Should Your Employer Pay You to Get Financially Savvy?
You might think that someone who finds themselves heavily in debt should start trying to increase their earnings right away. However, going into debt isn’t necessarily an indicator of poor earnings. Many people face down debt despite having secured well-paying jobs that otherwise provide for the necessities (and sometimes the luxuries) of their chosen lifestyle. In this situation, the responsibilities of a high-powered job may actually make it harder to deal with debt reduction.
The pressures and stresses associated with work performance are only compounded when someone has a lingering debt that remains unpaid. As workers’ performance declines, it not only hurts their morale and potentially their earnings, but hurts their employers’ bottom line in turn. Based on this logic, some firms have begun offering incentives to employees who can provide evidence of participation in financial literacy programs, emergency fund development, and other core components around which financial health is built.
The Wall Street Journal recently published a report on this trend, noting:
“Among U.S. corporations with so-called financial-wellness programs, which are designed to teach employees basic money-management skills, 17% offered incentives for participation in 2016—the most recent year for which data is available—up from 10.7% in 2014. An additional 8% said they were considering such a move, according to the International Foundation of Employee Benefit Plans.”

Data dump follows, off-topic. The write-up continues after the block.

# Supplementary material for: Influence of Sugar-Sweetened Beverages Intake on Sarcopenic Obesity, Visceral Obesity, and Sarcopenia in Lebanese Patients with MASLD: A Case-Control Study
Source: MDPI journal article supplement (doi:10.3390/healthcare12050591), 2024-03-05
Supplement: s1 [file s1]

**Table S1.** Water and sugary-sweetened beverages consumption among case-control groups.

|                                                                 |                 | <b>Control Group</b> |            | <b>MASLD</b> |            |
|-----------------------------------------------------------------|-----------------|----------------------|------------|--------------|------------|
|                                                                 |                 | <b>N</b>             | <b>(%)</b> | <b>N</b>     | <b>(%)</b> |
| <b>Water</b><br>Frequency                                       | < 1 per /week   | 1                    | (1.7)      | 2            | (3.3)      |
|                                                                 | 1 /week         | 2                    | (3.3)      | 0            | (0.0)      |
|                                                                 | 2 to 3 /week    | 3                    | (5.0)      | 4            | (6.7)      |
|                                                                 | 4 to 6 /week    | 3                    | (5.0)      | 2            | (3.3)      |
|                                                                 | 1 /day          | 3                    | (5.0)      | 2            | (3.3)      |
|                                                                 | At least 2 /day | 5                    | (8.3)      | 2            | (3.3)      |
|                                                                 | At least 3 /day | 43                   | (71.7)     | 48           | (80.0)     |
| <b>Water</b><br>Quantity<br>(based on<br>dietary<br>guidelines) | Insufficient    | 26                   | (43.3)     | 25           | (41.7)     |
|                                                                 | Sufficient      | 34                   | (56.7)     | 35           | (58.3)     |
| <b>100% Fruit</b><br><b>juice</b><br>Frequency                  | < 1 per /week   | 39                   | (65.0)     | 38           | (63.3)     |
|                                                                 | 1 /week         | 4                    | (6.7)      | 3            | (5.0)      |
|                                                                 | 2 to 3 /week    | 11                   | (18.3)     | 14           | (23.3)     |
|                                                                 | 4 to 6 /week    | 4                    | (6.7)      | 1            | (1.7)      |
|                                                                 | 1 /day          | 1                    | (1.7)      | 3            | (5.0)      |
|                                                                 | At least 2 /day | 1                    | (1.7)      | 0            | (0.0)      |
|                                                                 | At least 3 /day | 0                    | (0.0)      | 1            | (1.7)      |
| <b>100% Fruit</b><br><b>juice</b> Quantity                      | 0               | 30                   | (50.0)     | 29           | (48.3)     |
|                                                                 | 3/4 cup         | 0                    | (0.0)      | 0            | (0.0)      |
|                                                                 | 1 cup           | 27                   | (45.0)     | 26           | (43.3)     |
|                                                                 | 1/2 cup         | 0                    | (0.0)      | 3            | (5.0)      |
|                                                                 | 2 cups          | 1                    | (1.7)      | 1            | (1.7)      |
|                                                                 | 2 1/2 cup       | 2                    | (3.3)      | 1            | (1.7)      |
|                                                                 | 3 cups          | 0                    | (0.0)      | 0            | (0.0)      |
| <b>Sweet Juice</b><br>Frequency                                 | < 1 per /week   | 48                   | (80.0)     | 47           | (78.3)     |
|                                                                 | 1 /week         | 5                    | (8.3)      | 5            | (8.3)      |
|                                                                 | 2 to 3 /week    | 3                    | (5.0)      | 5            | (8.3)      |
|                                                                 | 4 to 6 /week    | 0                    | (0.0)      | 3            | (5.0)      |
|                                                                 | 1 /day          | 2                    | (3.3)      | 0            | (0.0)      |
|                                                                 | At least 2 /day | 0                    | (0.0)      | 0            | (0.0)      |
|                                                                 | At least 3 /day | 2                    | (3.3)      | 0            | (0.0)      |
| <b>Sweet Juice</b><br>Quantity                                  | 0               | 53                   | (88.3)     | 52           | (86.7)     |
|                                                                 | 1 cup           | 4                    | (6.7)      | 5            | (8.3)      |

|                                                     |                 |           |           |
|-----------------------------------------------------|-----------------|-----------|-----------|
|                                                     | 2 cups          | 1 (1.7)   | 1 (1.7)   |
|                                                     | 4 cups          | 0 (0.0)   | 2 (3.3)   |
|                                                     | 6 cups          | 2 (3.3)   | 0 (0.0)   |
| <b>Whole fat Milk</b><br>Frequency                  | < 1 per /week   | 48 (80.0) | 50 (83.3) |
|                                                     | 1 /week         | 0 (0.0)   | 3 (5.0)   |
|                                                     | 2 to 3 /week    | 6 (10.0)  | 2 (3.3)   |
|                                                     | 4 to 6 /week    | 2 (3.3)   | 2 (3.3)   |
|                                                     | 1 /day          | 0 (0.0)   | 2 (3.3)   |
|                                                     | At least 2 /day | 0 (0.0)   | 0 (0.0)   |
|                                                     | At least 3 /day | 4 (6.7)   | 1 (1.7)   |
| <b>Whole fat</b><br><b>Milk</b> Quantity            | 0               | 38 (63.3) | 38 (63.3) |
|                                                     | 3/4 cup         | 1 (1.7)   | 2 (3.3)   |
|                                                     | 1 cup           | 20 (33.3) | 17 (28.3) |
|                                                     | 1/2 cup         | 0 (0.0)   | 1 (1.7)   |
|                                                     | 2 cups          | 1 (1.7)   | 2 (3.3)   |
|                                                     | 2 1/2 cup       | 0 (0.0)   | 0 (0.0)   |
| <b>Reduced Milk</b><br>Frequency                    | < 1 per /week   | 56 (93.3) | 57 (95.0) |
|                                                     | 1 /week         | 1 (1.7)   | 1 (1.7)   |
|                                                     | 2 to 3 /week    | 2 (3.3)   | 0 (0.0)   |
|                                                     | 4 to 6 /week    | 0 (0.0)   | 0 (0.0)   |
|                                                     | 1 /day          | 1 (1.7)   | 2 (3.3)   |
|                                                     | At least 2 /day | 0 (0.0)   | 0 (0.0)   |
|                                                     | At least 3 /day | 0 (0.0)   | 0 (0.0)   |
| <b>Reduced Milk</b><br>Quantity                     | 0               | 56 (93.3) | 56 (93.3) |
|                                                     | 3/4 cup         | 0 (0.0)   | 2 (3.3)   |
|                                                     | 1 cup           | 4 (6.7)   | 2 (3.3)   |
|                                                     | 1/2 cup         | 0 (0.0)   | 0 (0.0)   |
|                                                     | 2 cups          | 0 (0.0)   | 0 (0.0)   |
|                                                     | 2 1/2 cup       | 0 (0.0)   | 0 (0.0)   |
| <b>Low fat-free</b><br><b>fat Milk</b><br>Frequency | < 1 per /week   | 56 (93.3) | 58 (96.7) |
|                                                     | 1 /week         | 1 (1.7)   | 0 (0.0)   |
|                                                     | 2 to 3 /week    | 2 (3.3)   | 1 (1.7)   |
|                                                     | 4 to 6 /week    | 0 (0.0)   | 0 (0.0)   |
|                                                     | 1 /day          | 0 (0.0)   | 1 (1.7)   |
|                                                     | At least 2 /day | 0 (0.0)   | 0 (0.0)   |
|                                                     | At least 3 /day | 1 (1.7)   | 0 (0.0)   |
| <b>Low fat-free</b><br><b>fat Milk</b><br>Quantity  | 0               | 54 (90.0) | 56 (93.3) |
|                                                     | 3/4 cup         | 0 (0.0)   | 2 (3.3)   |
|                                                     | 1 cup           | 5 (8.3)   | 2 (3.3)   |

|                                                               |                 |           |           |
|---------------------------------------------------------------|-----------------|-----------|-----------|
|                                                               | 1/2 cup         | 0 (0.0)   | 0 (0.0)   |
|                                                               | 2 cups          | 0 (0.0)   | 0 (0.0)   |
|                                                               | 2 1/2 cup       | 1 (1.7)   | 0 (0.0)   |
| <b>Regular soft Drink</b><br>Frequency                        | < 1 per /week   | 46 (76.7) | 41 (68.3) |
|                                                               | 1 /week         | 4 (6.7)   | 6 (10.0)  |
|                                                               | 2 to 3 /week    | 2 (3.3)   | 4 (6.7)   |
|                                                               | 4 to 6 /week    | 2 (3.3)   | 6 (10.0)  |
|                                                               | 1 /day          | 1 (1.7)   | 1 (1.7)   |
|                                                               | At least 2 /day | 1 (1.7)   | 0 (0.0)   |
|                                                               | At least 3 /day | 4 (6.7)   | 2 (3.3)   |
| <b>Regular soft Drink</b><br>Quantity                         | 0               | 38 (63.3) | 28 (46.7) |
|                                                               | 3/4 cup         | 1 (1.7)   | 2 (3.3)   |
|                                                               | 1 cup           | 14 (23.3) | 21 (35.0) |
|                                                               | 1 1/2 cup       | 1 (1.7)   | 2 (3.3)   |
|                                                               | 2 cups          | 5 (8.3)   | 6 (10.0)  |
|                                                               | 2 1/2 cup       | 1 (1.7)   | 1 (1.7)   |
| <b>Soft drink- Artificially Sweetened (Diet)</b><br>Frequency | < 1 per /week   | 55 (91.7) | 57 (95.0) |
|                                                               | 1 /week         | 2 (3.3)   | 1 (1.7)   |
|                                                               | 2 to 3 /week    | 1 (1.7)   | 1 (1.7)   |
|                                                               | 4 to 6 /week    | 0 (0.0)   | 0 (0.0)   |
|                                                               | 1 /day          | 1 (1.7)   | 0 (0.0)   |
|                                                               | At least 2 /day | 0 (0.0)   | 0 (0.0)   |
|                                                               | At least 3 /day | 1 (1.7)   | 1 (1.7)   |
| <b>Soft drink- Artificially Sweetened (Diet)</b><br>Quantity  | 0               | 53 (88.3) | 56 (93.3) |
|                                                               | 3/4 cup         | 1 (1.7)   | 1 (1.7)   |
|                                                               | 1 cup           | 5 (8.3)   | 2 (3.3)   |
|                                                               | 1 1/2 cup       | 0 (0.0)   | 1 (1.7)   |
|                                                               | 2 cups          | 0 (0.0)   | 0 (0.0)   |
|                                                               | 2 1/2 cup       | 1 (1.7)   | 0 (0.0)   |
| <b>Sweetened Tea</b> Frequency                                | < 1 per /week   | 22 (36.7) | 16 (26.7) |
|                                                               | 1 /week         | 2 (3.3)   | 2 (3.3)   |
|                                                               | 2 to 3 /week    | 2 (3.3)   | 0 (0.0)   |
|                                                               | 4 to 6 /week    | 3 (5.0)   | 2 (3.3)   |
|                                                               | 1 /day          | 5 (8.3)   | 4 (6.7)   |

Programs such as these were conceived in response to Deloitte survey data suggesting that the stress of money management outweighed on-the-job stress by up to 30 percent.
Currently, 17% of large companies in the United States offer financial-wellness programs that incorporate online tools while 42% offer one-on-one consultations, up from 9.2% and 35%, respectively, in 2015, according to investment-consulting firm Callan LLC.
Some programs are aimed at specific cohorts, such as recent graduates looking for meaningful, full-time work while often struggling with the repayment of their education costs. This lets firms get younger and more talented without risking burning out their brightest new employees. Others target the whole workforce, offering benefits and incentives to be used in the repayment of debts or the construction of emergency funds.
Would you feel safer about your job, your earnings, and your financial plan if your employer offered a similar set of programs or incentives? I know I would.